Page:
— — —

This blog is cross-posted at the Milwaukee Journal Sentinel Purple Wisconsin project.

Wednesday, May 16, 2012

Of Nuns, Girl Scouts, and God's Rottweiler

In case you missed it ...

As if targeting the nuns wasn’t enough, the Catholic Church is now going after the Girl Scouts.
What’s next? Denying communion to women who use birth control?
The Girl Scouts’ alleged sin is that it has worked with Planned Parenthood to provide fact-based information on sexuality, puberty and reproduction.
The church, locked into a mind-set that sees little moral difference between contraception and murder, caved to pressure from right-wing fringe groups and decided to investigate the Girl Scouts.
The church’s investigation has been going on for two years. One would think that would be enough time to find out if the scouts truly are leading young women to hell. Apparently not.
According to a Washington Post article last week that brought national attention to the inquisition, “In a March 28 letter to his fellow bishops, Bishop Kevin C. Rhoades, chairman of the Committee on Laity, Marriage, Family Life and Youth, wrote that ‘important questions still remain and need to be examined.’” 
Among the concerns noted in the Post article: “Last year, a Colorado troop prompted complaints when it accepted a 7-year-old transgender child who was born a boy but was being raised as a girl. Others are upset that the Girl Scouts have materials that provide links to groups like the Sierra Club, Doctors Without Borders and Oxfam, some of which support family planning and contraception.”
In the Milwaukee area, one of the complaints centered on a Girl Scout patch honoring Dolores Huerta — an iconic civil rights leader who, along with Cesar Chavez, co-founded the predecessor to the United Farm Workers. Huerta’s moral downfall? In 2007 she received an award from Planned Parenthood for “her life’s work advancing women’s rights.” 
The right-wing attack against the Girl Scouts — with the U.S. Bishops now providing both support and cover —is led by an obscure but tenacious group known as C-FAM (Catholic Family & Human Rights Institute). The group was founded in 1997 to monitor the United Nations, in particular programs that promote family planning or defend the rights of those who do not conform to a heterosexual lifestyle. C-FAM, to put it mildly, is a bit kooky.
Jay Bookman, a columnist and blogger at the Atlanta Journal-Constitution, describes C-FAM this way:
The Catholic Family and Human Rights Institute is a deeply right-wing organization that sees itself as a watchdog against U.N. incursions on our national sovereignty and against U.N. attempts to subvert American and Catholic morality. According to its website, C-Fam’s “vision” is “the preservation of international law by discrediting socially radical policies at the United Nations and other international institutions.”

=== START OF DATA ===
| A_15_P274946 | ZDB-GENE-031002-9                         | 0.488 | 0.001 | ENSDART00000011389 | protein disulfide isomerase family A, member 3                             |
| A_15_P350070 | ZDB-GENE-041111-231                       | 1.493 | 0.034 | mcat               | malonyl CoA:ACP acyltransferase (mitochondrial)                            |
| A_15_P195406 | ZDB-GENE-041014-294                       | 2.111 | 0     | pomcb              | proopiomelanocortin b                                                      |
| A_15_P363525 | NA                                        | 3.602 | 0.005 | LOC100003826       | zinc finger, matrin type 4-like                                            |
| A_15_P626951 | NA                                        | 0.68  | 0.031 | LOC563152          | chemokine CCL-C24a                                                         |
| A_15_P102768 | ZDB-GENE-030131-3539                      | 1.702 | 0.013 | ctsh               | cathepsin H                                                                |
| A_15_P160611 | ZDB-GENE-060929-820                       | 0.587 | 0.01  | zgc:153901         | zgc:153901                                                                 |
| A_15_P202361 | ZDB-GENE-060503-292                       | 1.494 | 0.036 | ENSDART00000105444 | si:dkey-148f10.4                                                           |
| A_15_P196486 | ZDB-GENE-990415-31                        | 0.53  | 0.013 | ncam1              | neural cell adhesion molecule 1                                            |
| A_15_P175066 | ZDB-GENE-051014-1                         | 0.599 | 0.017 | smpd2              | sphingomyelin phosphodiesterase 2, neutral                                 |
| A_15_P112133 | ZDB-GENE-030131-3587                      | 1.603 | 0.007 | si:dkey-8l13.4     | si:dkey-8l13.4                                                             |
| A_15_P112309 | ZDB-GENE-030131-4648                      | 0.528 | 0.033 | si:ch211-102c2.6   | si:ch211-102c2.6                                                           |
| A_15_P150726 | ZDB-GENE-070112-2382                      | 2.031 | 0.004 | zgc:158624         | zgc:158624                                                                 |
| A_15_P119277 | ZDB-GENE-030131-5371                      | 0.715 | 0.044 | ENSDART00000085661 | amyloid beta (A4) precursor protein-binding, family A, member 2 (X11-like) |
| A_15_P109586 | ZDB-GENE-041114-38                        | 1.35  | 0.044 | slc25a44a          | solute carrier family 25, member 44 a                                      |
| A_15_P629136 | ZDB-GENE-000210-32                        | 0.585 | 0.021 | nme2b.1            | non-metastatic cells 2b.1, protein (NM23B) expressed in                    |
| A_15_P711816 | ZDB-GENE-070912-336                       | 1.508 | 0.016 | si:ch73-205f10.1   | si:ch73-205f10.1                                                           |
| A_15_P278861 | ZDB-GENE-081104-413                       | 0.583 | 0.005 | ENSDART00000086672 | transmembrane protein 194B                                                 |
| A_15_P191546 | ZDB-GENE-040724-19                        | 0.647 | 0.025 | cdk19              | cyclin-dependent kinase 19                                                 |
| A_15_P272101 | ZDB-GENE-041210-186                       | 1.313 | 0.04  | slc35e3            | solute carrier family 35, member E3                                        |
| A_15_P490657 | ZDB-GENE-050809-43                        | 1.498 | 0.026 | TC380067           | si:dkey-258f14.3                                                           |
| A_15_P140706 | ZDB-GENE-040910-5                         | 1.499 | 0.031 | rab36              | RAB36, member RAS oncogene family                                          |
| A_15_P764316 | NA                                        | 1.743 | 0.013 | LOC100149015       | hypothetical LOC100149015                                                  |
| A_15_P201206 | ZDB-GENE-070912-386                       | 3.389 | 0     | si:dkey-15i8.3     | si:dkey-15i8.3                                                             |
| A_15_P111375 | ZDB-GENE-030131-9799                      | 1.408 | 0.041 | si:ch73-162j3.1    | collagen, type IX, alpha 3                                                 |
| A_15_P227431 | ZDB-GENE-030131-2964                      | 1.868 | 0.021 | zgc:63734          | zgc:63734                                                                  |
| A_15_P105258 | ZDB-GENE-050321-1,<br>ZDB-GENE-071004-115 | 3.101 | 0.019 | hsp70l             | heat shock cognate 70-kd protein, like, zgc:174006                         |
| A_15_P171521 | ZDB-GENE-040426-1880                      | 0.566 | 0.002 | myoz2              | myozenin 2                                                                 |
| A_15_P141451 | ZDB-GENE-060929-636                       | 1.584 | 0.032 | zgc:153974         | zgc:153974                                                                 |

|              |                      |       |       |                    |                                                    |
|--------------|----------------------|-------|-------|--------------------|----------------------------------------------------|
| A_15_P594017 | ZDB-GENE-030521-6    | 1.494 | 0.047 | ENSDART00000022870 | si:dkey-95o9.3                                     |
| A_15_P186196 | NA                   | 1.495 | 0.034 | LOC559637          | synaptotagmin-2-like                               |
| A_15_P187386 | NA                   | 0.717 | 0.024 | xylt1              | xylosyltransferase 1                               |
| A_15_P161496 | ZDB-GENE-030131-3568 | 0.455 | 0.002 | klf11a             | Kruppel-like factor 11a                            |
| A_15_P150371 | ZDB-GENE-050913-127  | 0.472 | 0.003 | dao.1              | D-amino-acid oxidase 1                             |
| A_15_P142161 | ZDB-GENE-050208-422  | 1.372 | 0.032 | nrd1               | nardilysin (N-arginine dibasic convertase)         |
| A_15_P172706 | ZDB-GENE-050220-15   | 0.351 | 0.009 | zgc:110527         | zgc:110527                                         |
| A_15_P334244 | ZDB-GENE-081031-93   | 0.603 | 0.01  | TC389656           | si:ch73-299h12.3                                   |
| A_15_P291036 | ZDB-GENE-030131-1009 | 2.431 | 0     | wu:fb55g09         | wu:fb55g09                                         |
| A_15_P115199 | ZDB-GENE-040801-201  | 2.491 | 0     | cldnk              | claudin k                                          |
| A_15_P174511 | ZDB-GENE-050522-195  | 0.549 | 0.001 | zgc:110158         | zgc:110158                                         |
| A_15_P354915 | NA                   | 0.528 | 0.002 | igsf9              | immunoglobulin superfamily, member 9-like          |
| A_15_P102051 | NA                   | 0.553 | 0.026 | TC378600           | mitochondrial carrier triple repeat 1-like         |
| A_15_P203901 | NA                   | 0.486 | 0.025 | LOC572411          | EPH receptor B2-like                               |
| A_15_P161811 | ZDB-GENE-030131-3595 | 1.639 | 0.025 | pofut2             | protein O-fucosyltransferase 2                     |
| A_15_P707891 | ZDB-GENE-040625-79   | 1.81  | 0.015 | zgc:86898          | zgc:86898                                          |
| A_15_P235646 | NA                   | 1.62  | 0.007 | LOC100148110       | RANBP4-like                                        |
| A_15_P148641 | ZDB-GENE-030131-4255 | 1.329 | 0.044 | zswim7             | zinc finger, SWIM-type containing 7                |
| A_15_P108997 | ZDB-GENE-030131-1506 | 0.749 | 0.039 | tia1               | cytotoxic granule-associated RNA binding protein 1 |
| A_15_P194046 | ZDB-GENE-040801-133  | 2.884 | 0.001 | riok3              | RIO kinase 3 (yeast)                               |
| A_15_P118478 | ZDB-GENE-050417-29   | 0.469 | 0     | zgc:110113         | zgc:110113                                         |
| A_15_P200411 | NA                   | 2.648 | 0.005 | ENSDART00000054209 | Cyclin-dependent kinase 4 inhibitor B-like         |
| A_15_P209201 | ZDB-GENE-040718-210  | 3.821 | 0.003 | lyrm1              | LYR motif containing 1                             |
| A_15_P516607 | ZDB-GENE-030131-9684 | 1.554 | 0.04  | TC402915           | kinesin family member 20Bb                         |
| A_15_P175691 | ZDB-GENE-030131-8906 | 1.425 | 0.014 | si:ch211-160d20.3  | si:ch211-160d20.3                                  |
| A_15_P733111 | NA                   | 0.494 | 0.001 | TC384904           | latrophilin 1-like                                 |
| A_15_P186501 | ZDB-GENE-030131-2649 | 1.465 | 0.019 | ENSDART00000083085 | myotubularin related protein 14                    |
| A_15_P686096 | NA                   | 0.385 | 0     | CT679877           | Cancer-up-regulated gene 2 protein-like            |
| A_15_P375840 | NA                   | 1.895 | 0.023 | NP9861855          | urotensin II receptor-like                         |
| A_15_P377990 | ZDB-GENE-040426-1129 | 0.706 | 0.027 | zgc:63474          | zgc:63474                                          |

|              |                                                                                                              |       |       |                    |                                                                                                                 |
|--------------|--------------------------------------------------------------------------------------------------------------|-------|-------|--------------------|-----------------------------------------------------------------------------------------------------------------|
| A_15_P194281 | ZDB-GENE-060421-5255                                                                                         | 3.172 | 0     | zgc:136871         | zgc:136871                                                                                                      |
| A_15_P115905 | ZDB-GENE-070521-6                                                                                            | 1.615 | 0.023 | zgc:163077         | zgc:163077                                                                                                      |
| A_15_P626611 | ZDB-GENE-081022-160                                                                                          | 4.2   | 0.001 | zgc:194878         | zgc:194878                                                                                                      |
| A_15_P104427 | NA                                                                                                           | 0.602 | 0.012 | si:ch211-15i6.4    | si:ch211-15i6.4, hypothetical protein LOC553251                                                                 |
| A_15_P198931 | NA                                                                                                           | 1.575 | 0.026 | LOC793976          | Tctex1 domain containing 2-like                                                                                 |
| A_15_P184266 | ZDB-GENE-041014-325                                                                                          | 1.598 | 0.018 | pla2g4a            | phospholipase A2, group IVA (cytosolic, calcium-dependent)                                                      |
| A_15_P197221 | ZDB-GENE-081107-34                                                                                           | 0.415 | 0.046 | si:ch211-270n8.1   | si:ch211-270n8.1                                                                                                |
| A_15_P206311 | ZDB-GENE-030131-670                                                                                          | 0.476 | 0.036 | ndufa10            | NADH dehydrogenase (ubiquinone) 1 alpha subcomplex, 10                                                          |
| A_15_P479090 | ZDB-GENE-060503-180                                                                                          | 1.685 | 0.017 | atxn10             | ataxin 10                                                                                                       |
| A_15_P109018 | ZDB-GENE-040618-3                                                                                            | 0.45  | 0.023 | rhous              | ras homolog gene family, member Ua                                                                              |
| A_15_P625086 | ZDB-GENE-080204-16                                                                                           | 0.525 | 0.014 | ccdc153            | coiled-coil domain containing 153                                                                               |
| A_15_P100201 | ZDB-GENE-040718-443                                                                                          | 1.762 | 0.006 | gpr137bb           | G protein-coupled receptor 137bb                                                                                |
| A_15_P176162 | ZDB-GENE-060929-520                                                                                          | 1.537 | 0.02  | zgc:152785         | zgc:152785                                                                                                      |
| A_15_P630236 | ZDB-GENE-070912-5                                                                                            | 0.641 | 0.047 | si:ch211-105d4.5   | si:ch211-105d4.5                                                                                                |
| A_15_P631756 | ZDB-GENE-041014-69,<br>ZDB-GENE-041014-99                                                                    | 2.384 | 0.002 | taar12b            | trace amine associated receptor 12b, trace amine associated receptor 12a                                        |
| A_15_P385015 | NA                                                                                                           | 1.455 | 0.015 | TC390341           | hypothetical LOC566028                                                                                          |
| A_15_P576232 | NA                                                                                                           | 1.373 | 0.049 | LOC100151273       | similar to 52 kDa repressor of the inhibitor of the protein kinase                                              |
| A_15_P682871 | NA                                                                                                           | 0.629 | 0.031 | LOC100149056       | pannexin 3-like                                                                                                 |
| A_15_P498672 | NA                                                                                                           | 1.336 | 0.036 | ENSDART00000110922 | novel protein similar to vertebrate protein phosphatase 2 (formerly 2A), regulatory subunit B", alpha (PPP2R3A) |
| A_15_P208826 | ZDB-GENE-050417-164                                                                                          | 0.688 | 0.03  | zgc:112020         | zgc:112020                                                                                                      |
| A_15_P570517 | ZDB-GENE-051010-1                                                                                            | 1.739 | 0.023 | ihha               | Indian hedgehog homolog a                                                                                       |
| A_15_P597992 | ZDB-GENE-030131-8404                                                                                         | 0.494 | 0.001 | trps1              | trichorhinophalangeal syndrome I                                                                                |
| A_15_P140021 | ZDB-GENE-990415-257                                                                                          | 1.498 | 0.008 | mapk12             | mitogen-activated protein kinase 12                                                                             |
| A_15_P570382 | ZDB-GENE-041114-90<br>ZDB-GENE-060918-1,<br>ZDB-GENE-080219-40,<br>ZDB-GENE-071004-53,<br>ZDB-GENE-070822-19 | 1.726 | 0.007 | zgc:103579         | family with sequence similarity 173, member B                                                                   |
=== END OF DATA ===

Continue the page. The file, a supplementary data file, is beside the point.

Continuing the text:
Back in 1633, the Church condemned Galileo for asserting that the Earth revolves around the Sun. He was told he must recant or be burned at the stake. It wasn’t until 1992 that the church admitted it had erred and that Galileo was right.
The Church’s condemnation of Galileo was part of the Church’s Inquisition into heresy — a catch-all term to describe any view by a Catholic that does not conform to official church dogma.
Today, Planned Parenthood is the new Galileo, contraception is a modern-day heresy, and the Church is standing firm in its inquisition.
The current Pope, Benedict XVI, is sometimes referred to as “God’s Rottweiler” for his work as an enforcer of conservative doctrine while Prefect of the Congregation for the Doctrine of the Faith —an organization within the Vatican which was once known as The Inquisition.
                                                 — — —
This blog is cross-posted at Milwaukee Journal Sentinel, Purple Wisconsin.
Image collage by Barbara J. Miner. 

Monday, May 14, 2012

Wisconsin's Progressive Tradition 

at Stake in the Recall Election

The Walker Recall Election is about more than jobs. Or public education. Or union rights. Or women’s rights. Or protecting our environment. Or making sure corporations pay their fair share of taxes. Or safeguarding the right of poor people to BadgerCare.

It’s about all of that — and much more.

Fundamentally, the conservative agenda seeks to turn back history and demolish the century-old tradition that gained Wisconsin a national reputation as the home of honest, competent government serving the needs of its citizens.

The ultimate goal is eviscerating Wisconsin’s Progressive Movement and its many legacies. Nor have conservatives been shy about proclaiming this goal.

Eighteen years ago, the 800-pound gorilla of Wisconsin policy debates — Michael Joyce of the Milwaukee-based Lynde and Harry Bradley Foundation — wrote an article outlining his plan to overthrow the Progressive Movement and the related concept of the Wisconsin Idea.

Borrowing from Marxist imagery, Joyce wrote that progressivism “is destined for the dustbin of history.” The common project, he told fellow conservatives, “must be to hasten the demise of progressivism.”

The dream of destroying Wisconsin’s progressive tradition continues to this day. This March, at a symposium in Milwaukee hosted by the Koch-funded Americans for Prosperity, conservative commentator Michelle Makin asked rhetorically, “How did Wisconsin become such a ground zero for the conservative movement?

“Well, I think it was push back to the excesses of progressivism,” she answered. “That’s wrapped up in your state history and somebody has to pay for that.”

Conservatives have promoted their policies using rhetoric that extols individual liberty and belittles the “nanny” state. Leaving aside conservatives’ clever rhetoric, what are the actual accomplishments of Wisconsin’s Progressive Movement that are so upsetting.